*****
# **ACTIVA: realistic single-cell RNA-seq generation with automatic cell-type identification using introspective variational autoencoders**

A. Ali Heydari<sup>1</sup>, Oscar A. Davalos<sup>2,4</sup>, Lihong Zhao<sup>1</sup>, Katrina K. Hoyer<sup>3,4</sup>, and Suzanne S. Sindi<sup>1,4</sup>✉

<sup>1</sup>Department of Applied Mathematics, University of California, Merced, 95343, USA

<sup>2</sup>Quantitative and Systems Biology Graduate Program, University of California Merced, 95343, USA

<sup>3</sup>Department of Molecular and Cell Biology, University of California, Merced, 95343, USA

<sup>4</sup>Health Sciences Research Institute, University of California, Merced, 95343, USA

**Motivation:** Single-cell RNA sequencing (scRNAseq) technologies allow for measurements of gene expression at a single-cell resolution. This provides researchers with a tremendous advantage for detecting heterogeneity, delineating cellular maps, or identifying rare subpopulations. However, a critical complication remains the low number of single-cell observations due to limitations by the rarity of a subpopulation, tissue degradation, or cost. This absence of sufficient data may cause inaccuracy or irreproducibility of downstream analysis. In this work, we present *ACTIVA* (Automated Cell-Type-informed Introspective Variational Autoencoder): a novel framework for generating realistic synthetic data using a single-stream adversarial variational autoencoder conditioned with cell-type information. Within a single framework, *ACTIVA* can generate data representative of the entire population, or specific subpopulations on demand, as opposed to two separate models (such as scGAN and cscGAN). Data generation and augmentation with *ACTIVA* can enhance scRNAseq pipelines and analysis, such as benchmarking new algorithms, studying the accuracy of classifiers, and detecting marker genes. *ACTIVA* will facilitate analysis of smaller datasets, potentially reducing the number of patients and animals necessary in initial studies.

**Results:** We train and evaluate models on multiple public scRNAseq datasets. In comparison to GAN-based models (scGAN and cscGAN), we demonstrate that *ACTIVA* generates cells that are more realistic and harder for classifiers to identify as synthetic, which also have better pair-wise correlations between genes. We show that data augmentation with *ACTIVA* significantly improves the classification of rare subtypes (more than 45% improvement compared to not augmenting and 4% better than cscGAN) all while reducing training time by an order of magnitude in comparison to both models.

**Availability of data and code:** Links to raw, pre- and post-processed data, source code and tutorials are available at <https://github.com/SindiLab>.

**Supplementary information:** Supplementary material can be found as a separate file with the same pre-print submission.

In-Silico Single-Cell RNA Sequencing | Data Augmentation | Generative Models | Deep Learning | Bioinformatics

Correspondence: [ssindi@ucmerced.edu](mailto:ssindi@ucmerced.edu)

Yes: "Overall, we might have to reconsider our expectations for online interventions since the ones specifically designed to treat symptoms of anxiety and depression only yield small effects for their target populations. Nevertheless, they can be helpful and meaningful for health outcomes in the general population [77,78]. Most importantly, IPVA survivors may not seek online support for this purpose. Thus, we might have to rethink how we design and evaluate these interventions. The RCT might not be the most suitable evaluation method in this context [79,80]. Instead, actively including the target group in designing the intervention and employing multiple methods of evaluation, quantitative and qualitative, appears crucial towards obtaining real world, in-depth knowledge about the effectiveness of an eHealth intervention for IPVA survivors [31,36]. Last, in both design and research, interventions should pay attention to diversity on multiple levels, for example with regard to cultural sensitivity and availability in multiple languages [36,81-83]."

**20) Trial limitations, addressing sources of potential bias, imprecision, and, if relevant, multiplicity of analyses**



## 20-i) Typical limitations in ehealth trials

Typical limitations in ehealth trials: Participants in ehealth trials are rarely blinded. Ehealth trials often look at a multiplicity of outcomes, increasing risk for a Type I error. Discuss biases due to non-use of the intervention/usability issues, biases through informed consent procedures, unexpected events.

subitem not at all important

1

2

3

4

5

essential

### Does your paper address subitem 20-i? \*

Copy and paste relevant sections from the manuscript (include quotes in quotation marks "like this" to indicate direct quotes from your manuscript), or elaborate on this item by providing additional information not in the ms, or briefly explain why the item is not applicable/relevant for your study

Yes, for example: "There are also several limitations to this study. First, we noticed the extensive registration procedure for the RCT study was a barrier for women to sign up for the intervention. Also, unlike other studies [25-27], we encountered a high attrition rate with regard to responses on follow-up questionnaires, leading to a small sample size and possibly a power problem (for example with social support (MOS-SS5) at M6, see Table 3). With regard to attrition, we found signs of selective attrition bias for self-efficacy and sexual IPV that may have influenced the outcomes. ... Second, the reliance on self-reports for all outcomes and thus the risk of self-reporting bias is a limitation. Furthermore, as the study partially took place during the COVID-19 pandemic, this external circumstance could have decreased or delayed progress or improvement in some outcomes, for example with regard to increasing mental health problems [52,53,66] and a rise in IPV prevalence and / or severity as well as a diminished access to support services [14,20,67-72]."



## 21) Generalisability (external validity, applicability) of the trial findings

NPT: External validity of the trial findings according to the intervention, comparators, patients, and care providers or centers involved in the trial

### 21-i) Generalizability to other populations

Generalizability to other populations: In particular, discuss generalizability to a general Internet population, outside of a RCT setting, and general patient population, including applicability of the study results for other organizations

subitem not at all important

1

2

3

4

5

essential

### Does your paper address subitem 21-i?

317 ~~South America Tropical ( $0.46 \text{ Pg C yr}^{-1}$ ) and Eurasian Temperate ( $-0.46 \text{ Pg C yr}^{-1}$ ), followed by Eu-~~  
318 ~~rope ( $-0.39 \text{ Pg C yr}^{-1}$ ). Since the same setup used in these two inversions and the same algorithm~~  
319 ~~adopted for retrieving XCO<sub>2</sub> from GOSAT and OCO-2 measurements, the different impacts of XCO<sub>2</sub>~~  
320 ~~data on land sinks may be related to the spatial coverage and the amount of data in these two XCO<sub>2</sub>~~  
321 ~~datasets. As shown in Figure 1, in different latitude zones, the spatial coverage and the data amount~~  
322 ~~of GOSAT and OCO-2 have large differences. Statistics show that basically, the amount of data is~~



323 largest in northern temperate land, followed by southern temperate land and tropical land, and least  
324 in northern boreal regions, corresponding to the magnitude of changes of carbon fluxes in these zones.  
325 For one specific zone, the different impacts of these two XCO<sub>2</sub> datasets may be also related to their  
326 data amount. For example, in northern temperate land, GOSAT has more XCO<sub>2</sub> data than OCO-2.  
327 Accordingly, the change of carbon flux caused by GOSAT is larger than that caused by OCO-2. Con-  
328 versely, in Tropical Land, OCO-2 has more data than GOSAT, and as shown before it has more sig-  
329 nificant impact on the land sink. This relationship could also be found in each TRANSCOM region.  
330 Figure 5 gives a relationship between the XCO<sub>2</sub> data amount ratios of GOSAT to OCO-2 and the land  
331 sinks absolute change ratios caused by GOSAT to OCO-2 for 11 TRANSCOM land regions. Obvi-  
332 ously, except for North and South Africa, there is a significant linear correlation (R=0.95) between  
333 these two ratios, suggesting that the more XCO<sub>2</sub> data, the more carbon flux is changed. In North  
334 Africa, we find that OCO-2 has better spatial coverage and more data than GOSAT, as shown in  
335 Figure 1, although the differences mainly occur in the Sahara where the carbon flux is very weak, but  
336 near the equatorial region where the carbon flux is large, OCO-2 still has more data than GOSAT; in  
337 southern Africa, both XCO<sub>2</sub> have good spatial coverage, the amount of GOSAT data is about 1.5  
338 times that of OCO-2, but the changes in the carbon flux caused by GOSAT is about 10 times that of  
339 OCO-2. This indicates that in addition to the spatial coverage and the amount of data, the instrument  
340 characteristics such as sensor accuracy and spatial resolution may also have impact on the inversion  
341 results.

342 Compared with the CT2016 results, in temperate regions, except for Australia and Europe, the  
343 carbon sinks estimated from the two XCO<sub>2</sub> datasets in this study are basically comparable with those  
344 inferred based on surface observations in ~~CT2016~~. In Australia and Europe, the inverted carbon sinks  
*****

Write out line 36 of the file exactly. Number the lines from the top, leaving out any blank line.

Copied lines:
5